Ranjit Dalvi, a wrestling aficionado and sportswriter deeply invested in grappling, loves his two laments in the sport: how Bombay’s Anglo-Indian community slowly faded from the frame of Indian hockey. And how Maharashtra, with its rich history steeped in wrestling, lost out to northern wrestlers, clinging to mud dangals.
Dalvi is that insightful niche voice that jettisoned journalists will seek to get an accurate picture of the precise situation on the ground in the interiors, without crediting him for his in-depth knowledge. He spouts details, but his lamentations aren’t just about modern wrestlers chasing after lucre. He argues that Maharashtra have lost technique on the mat, in addition to the raw strength that Haryana hammered on. It speaks with the same weight as the tomes about the defeat of Panipat from Maratha to the end of that loss in the history of Marathi literature – with introspection and brutal honesty, a clinical look at the history of dead men and why they died.
After painstakingly following India’s top wrestlers over the past two decades of Olympic success, Dalvi issues another warning of a sinking ship: Indian wrestling itself is falling behind – not to mention the two medals in Tokyo – because ‘it doesn’t adapt fast enough to international trends where nimble grapplers will have an advantage over simple strong. Where Haryana began to pose a danger to Maharashtra fifty years ago, he believes Japan and Iran will leave India far behind in Asia, the gap widening even more than it expected. ‘was.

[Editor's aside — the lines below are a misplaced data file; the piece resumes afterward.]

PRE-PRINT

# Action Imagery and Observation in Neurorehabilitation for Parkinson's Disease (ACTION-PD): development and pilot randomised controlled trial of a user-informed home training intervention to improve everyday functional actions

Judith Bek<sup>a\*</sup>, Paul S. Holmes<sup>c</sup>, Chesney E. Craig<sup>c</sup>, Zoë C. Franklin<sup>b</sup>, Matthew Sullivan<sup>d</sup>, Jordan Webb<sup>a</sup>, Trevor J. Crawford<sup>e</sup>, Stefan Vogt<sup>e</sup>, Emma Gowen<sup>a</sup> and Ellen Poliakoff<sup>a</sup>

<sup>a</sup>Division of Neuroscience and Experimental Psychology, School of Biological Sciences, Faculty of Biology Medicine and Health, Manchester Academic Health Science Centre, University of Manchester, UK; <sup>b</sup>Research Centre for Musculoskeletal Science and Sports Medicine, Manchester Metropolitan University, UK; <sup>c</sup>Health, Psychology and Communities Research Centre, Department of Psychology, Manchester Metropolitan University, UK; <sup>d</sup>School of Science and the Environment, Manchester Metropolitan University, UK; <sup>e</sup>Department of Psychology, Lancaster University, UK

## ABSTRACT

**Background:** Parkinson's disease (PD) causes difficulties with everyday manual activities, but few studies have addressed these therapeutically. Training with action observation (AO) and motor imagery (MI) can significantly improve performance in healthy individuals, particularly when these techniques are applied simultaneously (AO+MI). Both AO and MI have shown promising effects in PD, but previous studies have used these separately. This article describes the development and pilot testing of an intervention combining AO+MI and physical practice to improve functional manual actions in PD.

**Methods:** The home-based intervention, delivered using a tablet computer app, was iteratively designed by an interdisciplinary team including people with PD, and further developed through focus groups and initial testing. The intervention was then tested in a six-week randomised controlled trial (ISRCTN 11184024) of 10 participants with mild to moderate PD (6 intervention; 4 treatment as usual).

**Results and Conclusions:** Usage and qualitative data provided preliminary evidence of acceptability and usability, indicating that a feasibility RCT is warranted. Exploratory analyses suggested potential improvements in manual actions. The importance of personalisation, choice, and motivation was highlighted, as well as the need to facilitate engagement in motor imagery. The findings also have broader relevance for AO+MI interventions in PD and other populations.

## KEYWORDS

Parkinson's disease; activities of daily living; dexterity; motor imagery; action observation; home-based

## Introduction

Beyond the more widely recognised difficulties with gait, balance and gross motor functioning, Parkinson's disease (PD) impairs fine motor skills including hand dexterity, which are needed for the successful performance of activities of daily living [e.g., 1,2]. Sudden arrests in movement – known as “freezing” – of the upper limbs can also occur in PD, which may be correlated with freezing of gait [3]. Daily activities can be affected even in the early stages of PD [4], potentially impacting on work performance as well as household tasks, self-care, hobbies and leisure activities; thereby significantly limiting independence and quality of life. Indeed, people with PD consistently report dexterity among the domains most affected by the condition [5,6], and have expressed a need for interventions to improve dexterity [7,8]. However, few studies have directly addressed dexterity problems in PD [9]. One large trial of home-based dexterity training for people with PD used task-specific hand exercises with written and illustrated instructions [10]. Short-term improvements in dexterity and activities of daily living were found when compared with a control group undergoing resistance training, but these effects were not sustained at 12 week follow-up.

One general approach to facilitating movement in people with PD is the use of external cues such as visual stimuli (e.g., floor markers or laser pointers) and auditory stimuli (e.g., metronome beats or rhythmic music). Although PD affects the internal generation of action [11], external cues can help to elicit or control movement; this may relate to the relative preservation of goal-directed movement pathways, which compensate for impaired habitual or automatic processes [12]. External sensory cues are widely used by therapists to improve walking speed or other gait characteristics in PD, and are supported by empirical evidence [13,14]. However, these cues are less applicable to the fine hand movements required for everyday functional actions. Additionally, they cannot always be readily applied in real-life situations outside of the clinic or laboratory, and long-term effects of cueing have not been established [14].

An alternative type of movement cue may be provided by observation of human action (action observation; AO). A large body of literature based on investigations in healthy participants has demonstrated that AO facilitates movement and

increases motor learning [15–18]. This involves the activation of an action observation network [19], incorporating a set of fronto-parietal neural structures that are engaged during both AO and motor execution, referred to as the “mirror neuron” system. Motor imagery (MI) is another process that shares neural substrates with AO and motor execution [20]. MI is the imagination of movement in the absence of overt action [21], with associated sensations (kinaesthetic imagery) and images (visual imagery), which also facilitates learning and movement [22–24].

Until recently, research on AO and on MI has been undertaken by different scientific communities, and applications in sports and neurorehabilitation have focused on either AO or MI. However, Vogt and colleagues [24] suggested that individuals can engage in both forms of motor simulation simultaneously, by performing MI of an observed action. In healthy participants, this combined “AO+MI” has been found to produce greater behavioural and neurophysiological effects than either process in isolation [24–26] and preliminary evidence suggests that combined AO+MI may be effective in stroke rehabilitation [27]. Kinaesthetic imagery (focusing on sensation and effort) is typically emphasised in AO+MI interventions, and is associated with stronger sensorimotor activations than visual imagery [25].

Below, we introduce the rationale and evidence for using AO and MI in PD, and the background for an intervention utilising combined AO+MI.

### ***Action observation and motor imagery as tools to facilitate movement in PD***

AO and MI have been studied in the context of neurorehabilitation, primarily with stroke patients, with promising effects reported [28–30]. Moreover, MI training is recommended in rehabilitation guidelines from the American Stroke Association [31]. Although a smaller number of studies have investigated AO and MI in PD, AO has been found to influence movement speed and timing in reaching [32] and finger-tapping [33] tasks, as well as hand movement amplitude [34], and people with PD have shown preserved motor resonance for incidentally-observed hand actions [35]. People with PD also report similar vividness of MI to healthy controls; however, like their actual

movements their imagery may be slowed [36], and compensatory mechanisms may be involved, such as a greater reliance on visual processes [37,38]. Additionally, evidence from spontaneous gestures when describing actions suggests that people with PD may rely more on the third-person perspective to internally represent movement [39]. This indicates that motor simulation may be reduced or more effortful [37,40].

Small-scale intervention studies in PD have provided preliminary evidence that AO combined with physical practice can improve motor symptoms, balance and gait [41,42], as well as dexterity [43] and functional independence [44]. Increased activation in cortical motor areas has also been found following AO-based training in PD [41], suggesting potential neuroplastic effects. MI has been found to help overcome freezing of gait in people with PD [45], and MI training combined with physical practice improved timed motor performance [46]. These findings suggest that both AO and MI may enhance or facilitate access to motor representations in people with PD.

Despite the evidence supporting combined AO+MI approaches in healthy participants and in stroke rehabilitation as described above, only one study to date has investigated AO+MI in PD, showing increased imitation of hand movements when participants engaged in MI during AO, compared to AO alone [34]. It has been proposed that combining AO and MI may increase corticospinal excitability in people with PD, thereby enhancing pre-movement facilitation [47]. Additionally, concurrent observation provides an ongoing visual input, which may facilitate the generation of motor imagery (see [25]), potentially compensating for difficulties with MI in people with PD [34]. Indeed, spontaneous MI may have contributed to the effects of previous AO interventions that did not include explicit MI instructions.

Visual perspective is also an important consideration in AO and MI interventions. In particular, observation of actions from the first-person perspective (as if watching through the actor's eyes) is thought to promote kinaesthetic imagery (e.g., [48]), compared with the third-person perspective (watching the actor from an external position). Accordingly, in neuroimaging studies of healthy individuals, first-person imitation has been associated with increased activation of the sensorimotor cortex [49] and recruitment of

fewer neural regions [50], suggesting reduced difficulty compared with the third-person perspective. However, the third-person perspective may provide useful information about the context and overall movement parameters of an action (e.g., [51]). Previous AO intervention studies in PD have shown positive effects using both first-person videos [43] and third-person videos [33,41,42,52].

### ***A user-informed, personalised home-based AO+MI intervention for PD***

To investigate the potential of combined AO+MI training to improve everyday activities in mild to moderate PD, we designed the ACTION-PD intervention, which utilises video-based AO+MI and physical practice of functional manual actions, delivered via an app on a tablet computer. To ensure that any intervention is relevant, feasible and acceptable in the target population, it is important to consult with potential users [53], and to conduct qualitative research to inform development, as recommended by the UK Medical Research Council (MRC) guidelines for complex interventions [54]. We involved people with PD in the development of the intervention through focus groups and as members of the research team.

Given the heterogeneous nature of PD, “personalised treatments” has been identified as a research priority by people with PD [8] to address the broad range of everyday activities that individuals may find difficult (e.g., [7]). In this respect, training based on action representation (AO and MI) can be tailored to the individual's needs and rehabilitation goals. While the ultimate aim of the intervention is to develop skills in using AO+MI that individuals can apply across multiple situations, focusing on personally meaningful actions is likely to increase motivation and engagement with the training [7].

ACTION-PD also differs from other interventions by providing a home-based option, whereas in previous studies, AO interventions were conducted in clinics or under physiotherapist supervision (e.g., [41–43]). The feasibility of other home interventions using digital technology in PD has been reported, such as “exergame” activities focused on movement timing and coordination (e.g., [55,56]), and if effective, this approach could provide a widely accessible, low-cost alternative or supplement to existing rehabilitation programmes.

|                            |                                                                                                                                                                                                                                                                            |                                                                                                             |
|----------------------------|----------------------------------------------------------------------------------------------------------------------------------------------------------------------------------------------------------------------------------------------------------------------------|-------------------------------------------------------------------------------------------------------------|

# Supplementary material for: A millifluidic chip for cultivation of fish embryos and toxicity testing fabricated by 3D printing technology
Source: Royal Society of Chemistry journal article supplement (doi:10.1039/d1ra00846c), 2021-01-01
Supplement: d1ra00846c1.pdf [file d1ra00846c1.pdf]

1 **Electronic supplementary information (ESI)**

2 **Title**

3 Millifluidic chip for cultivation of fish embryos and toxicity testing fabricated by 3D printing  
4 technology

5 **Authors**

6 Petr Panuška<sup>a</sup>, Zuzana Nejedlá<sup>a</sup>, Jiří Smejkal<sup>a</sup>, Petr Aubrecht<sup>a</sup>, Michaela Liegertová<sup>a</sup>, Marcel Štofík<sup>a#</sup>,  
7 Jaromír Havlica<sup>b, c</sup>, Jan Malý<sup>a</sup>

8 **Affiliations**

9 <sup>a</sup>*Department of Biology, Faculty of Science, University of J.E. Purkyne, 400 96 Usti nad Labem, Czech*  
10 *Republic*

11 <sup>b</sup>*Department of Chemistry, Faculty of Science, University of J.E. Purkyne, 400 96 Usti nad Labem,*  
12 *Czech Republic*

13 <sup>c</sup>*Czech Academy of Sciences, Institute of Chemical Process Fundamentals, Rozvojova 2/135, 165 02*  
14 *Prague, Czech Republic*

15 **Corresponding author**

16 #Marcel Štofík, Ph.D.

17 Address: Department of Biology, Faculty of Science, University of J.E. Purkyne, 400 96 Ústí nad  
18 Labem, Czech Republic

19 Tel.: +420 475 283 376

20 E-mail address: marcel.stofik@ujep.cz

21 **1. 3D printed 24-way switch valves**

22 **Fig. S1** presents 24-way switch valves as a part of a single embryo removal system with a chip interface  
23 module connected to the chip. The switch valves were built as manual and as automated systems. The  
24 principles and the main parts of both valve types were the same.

Dalvi has a bright little idea, and the recent World Championships have convinced him even more: Indian wrestling must urgently harness and grow the sport in North East India.
Not too slyly, but he preaches poaching on the existing judo talents available in the explosive hillside athletes of the northeast, and transplanting them into the fight, if India is to expand and evolve into a sport, beyond his stagnant strength-based northern style. Or at least incorporate judo into wrestling. “India’s wrestling techniques need an injection of judo moves. And the Northeast has the athletes to achieve this because of their body structure and martial arts skills,” he firmly believes. Especially in the lower weight divisions, India’s northeast could even take on the invincible Japanese, absorbing their style.
But it’s a hybrid of wrestling judo that he believes is primarily important to break free from the leg defense limbo the Indians are stuck in. well could still at next year’s Asiad – is in the judo throws in the air.
Where wrestling relies on striking force, judo uses leverage and body position to throw opponents off balance with flexible shoulder and hip techniques to use fast, flowing throws. It was that surprise split-second move that Indian wrestlers lacked at Worlds, and riffing judo could be a game-changer, and that’s where Dalvi says the northeast should be tapped for talent.